Friday, August 31, 2012

Progress! Yes!

Continued progress when it comes to checking off my recipe list! Last night I used this recipe ( -- also from The Chew, coincidentally...maybe even the same episode, I can't remember). As per usual, I took this as more of a source of inspiration than a set-in-stone recipe. As my dad always says, "A recipe is just a guide." 
I love the combo of melon with prosciutto, and that appealed to me more than the salami that Batali calls for did. Then, when I was at grocery store, I was on kind of a tight budget, so I opted for ham (thinking that I could use some when I make quiche later in the week as well) instead of prosciutto. The ham was okay, but next time I'll be sure to splurge on the good stuff -- prosciutto being, after all, the king of meats.
So, I ended up using not quite half the cantaloupe that I picked up at the farmers' market Sunday (I was purposely scaling back on the recipe because I knew I didn't need eight servings, yet at the same time wanted to make a meal -- not just a side -- from this), sliced thin, and three slices of "carver" deli ham. I opted to use both the juice and zest of half a lime, just to further enhance the limey goodness, and topped everything off with a drizzle of olive oil, some cracked black pepper, some parm, and a sprinkle of sea salt. Batali's recipe didn't call for salt -- I think because the salami would have more than enough -- but since I was using a different meat, I added some -- for the better, it turned out.
Also, I omitted the greens the Batali calls for. Why cover up delicious meats and melon with yucky green stuff? (Mostly joking). I just figured that I had enough going on already without adding another element.
The result? A hearty salad that was the perfect size for two (I also had a baked potato to help round out dinner). There was such a cacophony of flavors! Most worked, although I didn't feel like something was slightly off. The melon was delicious (it helped that it was perfectly ripe and fresh from the farmers' market last Sunday). The issue might have simply been ham versus prosciutto versus salami. I might try the recipe again sometime with these other meats.
On an entirely separate topic -- I am on the look out for some locally roasted coffee beans. If anyone has any suggestions, tweet me @Allie3601. Thanks!

Wednesday, August 29, 2012

Monday, August 27, 2012

Rustic tomato pizza; a new challenge

I have a terrible habit of accumulating recipes – either torn out of magazines or links saved in an ever-growing Evernote list – and then letting them languish, unused. So, I have initiated a couple ways to help this problem, including a new challenge! For starters, I have been building a custom recipe book comprised mostly of all these magazine pages. I selected a very pretty binder (made from recycled paper) and have been slowly organized the recipes into categories – Appetizers, Breakfast, Chicken, Dessert, Drinks, Other Meats, Salads and Soups, Seafood, Veggies and Sides, and “Everything Else.” It’s kind of funny to see what recipes have caught my eye over the years (because there are at least four years of pages here to deal with). So many of them are similar or stick to a similar theme – desserts featuring fruit, tons of seafood recipes, and a lot of comfort food ones, too (I found at least four different ones for roast chicken). Anyway, that’s an ongoing project, but so far I am quite pleased with the results.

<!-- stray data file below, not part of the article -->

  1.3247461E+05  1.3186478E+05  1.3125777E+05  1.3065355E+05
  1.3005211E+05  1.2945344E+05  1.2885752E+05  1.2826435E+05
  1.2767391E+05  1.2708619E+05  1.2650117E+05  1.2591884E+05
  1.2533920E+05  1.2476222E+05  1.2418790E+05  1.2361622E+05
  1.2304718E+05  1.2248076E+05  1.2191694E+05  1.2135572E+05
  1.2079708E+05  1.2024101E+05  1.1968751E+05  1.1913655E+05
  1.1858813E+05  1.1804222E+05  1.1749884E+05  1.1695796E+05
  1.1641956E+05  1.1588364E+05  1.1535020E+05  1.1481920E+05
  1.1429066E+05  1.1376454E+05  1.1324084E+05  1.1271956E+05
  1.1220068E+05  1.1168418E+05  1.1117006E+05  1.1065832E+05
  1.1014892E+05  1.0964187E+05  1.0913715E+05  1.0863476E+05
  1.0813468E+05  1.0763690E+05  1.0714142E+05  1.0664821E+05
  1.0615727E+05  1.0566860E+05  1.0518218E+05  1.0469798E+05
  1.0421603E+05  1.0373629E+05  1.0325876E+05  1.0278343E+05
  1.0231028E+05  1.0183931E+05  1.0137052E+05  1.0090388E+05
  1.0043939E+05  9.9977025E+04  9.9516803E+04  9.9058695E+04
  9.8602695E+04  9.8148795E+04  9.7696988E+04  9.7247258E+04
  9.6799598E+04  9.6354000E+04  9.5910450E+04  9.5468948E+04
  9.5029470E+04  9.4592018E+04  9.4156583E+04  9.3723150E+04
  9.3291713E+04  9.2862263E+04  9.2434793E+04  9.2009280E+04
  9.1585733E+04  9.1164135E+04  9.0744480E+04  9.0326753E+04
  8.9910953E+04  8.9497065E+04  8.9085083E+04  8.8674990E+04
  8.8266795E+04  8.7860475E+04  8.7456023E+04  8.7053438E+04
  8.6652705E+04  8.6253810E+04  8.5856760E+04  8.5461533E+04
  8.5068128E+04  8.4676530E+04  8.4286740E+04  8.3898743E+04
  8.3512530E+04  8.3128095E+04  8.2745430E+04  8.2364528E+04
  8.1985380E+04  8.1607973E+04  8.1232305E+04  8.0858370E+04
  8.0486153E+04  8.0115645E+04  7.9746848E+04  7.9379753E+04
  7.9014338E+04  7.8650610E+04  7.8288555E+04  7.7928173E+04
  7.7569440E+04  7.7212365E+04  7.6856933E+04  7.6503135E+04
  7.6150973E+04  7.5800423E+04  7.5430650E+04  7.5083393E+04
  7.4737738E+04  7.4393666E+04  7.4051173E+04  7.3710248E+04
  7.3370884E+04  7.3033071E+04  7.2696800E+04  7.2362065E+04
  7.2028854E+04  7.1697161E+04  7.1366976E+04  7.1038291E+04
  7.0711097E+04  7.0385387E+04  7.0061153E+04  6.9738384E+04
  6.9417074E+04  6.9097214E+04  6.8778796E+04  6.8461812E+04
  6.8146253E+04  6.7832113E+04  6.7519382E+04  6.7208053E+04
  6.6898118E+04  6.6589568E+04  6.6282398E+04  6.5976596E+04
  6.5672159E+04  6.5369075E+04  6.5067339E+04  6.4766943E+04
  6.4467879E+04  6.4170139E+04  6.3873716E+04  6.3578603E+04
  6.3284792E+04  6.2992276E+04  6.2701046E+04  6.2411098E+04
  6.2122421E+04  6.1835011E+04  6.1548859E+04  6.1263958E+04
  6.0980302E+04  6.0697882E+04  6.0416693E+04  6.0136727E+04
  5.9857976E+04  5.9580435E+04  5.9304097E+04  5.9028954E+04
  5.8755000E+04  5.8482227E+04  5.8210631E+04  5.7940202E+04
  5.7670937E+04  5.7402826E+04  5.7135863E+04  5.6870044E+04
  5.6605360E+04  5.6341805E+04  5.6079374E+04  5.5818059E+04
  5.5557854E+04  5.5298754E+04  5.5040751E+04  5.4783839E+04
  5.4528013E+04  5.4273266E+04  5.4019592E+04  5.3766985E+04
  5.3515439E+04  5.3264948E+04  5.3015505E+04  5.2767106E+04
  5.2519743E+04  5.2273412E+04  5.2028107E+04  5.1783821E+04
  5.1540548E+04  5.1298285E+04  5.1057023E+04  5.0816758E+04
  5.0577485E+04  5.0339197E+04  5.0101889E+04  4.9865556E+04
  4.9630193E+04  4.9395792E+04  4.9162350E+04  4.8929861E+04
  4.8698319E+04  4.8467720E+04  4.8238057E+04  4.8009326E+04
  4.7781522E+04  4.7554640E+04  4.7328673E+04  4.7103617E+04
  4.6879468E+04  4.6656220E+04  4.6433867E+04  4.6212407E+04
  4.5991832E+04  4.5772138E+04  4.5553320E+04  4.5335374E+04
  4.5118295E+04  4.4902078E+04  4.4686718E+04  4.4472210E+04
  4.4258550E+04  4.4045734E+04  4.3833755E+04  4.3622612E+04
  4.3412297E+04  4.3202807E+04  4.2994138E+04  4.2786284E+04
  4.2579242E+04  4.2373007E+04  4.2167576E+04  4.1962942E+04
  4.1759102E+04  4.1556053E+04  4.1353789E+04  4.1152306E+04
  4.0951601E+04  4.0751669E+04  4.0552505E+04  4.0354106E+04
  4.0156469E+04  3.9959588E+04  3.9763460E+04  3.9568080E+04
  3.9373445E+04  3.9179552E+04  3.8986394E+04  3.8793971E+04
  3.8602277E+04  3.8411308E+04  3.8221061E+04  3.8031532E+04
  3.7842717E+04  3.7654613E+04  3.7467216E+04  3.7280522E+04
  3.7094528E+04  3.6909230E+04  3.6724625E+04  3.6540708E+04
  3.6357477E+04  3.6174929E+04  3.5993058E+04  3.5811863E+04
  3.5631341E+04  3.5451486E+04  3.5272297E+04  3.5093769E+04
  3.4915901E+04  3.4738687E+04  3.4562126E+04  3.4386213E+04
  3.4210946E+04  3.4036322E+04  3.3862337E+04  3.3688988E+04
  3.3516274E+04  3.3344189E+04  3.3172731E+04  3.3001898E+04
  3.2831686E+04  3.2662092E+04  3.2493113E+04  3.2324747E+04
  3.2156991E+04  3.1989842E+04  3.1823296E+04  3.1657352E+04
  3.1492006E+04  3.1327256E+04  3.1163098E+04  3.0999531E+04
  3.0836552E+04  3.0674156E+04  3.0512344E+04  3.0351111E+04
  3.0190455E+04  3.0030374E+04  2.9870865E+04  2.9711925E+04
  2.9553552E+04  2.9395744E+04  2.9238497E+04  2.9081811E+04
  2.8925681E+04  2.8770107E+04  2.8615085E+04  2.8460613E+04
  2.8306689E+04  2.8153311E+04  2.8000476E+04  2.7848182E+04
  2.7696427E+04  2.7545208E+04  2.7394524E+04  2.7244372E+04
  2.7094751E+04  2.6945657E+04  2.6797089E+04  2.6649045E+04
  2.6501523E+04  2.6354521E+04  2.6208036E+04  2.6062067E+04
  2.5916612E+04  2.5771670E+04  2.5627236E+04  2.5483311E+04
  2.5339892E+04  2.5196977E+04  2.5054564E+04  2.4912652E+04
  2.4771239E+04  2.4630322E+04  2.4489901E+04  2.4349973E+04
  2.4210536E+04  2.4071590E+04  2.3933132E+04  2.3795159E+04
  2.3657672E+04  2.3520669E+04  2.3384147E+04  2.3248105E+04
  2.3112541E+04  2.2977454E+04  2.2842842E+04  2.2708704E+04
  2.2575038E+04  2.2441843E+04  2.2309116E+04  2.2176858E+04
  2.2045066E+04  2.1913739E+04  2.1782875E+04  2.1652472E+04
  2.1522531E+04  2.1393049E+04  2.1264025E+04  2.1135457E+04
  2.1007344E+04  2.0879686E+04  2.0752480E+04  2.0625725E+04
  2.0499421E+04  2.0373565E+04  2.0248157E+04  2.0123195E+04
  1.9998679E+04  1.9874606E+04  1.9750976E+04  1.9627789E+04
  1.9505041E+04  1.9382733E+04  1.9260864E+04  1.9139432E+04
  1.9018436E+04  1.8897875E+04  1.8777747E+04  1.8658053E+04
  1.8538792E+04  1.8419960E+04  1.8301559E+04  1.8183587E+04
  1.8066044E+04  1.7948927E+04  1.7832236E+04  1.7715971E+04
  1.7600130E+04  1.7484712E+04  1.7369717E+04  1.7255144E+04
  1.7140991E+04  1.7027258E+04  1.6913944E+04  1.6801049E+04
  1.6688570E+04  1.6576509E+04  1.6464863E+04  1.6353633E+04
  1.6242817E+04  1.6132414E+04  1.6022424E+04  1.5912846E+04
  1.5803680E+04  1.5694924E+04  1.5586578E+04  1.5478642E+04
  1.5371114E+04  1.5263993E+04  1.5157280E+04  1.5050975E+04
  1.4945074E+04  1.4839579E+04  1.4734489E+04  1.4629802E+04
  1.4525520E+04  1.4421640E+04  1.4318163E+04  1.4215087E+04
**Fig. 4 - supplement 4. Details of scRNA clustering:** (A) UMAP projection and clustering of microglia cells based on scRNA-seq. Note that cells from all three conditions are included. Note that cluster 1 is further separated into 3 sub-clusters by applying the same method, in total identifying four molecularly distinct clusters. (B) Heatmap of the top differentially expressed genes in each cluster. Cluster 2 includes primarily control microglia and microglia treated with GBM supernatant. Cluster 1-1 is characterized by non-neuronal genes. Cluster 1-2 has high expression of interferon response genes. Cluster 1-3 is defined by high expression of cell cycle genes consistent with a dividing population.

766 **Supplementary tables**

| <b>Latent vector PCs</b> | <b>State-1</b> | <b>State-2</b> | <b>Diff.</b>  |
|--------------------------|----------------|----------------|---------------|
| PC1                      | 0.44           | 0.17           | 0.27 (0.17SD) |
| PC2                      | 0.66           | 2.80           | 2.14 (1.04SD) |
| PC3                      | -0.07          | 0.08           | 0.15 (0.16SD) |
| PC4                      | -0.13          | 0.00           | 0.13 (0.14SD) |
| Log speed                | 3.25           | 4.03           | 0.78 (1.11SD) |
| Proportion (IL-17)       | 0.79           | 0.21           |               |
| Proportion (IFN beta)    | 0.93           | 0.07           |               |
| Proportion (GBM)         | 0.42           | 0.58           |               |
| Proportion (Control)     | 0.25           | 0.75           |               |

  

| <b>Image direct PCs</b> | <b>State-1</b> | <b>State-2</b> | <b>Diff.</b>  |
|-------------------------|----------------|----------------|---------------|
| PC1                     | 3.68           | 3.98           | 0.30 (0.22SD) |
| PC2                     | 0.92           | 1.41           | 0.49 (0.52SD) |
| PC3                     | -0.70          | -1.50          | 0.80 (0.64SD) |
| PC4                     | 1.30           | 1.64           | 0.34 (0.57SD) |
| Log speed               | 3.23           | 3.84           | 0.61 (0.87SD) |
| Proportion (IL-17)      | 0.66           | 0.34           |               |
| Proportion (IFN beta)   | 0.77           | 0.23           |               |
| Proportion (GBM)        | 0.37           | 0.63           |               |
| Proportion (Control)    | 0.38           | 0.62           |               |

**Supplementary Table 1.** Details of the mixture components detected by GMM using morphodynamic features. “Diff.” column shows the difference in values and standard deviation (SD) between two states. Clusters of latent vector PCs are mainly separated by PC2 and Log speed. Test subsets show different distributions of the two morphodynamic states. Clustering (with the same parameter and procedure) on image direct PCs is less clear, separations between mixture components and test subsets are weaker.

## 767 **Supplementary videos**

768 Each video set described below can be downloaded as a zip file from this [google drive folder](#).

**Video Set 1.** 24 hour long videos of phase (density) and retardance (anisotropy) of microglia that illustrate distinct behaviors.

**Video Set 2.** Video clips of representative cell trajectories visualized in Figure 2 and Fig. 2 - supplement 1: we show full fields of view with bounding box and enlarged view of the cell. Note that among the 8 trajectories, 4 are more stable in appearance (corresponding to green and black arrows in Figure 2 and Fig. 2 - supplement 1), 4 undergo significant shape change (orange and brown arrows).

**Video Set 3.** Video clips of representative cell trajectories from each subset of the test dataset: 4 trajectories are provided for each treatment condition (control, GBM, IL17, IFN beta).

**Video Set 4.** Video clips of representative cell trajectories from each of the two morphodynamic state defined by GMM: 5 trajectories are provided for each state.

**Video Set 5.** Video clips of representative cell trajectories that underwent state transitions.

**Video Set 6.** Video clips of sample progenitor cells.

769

On to the challenge – I am going to *try* and make at least one of these recipes each week, and then post a blog about it – starting now! Yesterday I made a tomato pizza that was a riff on this recipe that I saw on The Chew last week: When I saw Michael Symon make this I thought it looked delicious and immediately bookmarked the recipe. Here’s the catch – I don’t currently own a tart pan. Mine tragically broke during the move and I have yet to replace it. At the same time, I thought a regular pie plate would be too deep and then the tart wouldn’t really turn out right. Inspiration struck! I decided to make a simple pizza dough. I used the thin crust recipe from the trusty red plaid Better Homes and Gardens Cookbook. I used my KitchenAid stand mixer, first with the paddle and then the dough hook, and the crust came together in a flash. Plus, bonus, the recipes actually makes two crusts, so I froze one for later.

I treated the tomatoes the same way Symon calls for, except I used rosemary from my garden instead of thyme. What was extra exciting is that I used two tomatoes from my tomato plant – the first two usable ones I have been able to harvest! And guess what? They were completely delicious. I supplemented them with a few gorgeous heirloom tomatoes from the farmers’ market.

From there, I basically followed the recipe exactly, just substituting my pizza crust from the pie crust. I blind baked the crust for the called for time, topped it, and baked again until everything was hot and the cheese with getting nice and melty. The crust came out great – nice and crispy with a good texture. Pre-roasting the tomatoes, like the recipe calls for, ensures that they get caramelized, and therefore really helps brings out the sweetness in them. Finally, creamy ricotta helps bring everything together. There was a nice balance of flavors – sweet and salty, a little acidic, and savory from the rosemary – and textures – crispy and crunchy and creamy. The picture doesn’t do it justice (although aren’t the tomatoes drool-worthy?). A win!

Saturday, August 25, 2012

Another winey weekend

Last Saturday some friends and I took a day trip up to Napa Valley for some fine wine and fine food. It was a great day -- the weather was gorgeous -- about 90 degrees, which is usually a little too warm for me, but it was dry, with a slight breeze, making it pretty ideal. We hit a total of three wineries. I'd hoped to fit in one more, but three ended up being pretty good -- we all got to enjoy the wine without anyone over doing it.